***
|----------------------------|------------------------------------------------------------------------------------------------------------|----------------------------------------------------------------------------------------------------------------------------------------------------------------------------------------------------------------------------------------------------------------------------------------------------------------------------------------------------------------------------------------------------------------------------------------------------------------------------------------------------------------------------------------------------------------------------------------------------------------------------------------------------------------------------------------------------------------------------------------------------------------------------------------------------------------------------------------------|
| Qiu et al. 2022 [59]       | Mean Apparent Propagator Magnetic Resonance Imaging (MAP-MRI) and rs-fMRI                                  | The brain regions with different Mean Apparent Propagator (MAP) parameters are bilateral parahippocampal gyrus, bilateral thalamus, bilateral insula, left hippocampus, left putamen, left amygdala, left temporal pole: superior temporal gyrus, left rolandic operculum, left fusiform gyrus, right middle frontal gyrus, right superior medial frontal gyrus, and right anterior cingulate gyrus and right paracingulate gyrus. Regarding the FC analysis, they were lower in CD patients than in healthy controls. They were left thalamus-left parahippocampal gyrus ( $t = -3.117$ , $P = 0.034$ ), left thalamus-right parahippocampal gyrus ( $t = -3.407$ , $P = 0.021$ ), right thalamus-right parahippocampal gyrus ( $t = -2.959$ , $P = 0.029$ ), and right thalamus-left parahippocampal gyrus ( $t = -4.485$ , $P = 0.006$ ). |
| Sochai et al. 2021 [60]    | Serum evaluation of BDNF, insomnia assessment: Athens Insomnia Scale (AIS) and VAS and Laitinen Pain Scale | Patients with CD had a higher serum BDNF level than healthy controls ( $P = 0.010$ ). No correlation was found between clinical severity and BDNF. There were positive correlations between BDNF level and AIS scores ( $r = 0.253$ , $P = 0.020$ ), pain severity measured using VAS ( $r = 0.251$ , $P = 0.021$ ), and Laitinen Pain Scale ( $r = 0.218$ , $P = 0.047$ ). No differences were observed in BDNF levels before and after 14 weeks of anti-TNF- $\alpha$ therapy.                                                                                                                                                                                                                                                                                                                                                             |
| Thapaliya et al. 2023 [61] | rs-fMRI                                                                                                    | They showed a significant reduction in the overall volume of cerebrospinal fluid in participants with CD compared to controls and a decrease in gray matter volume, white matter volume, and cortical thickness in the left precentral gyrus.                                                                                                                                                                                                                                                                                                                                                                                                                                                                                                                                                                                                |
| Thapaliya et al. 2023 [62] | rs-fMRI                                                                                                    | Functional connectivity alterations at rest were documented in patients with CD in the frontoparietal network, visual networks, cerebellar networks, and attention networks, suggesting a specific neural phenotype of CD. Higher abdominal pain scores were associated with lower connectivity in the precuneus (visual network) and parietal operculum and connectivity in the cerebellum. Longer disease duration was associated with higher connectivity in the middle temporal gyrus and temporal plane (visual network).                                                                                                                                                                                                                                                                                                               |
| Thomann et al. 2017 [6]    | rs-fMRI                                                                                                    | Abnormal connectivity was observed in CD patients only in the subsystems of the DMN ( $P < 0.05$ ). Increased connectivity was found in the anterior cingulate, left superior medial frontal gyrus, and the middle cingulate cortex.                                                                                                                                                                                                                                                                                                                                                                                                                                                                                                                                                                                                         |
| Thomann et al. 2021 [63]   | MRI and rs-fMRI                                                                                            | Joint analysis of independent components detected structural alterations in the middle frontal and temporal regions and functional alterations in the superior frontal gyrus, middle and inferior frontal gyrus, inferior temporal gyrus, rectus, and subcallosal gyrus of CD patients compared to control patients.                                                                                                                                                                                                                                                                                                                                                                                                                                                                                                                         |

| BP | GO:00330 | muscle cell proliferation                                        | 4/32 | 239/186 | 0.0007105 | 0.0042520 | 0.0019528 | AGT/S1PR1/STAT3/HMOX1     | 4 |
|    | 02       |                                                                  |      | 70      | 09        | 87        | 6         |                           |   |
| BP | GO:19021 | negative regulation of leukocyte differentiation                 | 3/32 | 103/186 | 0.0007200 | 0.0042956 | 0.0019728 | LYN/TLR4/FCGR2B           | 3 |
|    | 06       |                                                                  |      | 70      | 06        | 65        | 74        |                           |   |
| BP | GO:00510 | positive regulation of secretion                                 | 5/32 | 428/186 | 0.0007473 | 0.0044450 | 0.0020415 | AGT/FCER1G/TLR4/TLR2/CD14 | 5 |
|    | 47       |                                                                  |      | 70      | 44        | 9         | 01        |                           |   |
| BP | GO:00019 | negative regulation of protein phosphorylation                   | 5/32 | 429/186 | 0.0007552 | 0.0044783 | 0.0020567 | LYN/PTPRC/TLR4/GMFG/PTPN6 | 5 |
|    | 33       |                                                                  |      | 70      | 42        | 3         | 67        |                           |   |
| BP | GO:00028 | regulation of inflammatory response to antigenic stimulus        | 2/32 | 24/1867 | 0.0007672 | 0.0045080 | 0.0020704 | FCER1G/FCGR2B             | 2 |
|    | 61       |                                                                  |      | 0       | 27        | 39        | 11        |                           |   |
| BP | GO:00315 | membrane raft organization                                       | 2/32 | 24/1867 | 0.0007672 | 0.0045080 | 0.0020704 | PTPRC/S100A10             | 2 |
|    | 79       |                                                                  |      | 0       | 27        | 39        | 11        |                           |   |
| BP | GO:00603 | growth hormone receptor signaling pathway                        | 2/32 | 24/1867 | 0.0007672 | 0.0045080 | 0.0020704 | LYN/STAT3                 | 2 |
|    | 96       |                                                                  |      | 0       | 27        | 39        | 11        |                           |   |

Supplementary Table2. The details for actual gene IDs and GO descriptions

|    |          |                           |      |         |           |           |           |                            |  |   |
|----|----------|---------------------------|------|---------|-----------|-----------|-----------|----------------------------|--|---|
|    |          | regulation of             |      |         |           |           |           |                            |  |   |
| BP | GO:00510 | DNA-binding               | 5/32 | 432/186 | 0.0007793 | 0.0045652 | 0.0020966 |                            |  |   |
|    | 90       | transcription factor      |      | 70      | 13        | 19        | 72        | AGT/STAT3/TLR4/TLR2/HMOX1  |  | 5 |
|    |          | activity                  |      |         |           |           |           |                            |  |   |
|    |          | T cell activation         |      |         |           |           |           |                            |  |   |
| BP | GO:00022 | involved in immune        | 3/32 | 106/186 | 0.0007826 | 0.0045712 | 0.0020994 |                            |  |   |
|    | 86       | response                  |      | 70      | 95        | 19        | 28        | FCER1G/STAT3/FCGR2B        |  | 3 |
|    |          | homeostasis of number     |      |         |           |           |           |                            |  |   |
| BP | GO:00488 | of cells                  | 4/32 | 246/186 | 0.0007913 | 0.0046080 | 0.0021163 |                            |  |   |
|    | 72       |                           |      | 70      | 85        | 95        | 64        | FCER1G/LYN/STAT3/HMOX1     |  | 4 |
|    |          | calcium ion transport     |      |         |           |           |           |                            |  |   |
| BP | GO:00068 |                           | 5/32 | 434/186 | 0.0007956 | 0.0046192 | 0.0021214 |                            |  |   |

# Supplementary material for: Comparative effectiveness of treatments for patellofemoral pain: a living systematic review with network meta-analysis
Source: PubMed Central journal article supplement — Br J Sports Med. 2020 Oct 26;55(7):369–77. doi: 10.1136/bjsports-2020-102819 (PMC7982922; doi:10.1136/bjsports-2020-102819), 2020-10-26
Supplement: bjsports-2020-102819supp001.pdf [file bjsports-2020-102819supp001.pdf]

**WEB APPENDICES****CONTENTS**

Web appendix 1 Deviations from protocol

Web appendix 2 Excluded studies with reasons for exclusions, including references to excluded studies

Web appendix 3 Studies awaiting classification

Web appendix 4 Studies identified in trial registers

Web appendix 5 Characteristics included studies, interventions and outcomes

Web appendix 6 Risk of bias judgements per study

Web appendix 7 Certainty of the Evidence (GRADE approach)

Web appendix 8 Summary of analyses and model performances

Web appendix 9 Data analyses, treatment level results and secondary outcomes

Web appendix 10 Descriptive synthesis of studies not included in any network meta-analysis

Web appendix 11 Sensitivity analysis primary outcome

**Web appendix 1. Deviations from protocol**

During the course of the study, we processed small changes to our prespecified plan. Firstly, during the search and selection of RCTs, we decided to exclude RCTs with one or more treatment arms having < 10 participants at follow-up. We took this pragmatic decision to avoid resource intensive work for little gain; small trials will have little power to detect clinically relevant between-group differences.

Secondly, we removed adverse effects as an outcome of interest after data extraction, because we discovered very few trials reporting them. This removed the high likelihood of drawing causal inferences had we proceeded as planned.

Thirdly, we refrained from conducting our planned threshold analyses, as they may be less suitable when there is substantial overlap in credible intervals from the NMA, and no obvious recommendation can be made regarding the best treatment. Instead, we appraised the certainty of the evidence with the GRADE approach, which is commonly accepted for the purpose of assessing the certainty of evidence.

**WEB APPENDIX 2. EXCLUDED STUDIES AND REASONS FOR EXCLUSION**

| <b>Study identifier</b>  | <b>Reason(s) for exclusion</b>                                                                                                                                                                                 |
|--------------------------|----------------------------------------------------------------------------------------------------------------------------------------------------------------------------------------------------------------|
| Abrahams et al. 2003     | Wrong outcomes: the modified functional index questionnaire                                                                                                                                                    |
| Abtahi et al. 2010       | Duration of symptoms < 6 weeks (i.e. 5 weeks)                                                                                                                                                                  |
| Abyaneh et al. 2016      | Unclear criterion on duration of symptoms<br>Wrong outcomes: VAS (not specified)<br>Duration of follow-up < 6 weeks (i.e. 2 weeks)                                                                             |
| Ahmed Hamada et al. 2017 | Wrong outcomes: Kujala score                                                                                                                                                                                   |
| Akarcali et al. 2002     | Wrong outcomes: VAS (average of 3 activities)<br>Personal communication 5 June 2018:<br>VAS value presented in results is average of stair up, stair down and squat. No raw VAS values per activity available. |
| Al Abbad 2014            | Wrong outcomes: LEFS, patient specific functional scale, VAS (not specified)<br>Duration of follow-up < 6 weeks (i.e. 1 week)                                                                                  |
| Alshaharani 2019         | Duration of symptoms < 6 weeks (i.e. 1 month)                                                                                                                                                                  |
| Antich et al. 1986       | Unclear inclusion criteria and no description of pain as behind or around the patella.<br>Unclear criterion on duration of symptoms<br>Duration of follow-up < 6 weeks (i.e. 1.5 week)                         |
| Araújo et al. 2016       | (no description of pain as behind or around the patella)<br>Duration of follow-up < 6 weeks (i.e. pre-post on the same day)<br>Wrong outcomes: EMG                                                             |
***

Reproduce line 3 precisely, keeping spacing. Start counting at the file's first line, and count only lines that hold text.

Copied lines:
| Sochai et al. 2021 [60]    | Serum evaluation of BDNF, insomnia assessment: Athens Insomnia Scale (AIS) and VAS and Laitinen Pain Scale | Patients with CD had a higher serum BDNF level than healthy controls ( $P = 0.010$ ). No correlation was found between clinical severity and BDNF. There were positive correlations between BDNF level and AIS scores ( $r = 0.253$ , $P = 0.020$ ), pain severity measured using VAS ( $r = 0.251$ , $P = 0.021$ ), and Laitinen Pain Scale ( $r = 0.218$ , $P = 0.047$ ). No differences were observed in BDNF levels before and after 14 weeks of anti-TNF- $\alpha$ therapy.                                                                                                                                                                                                                                                                                                                                                             |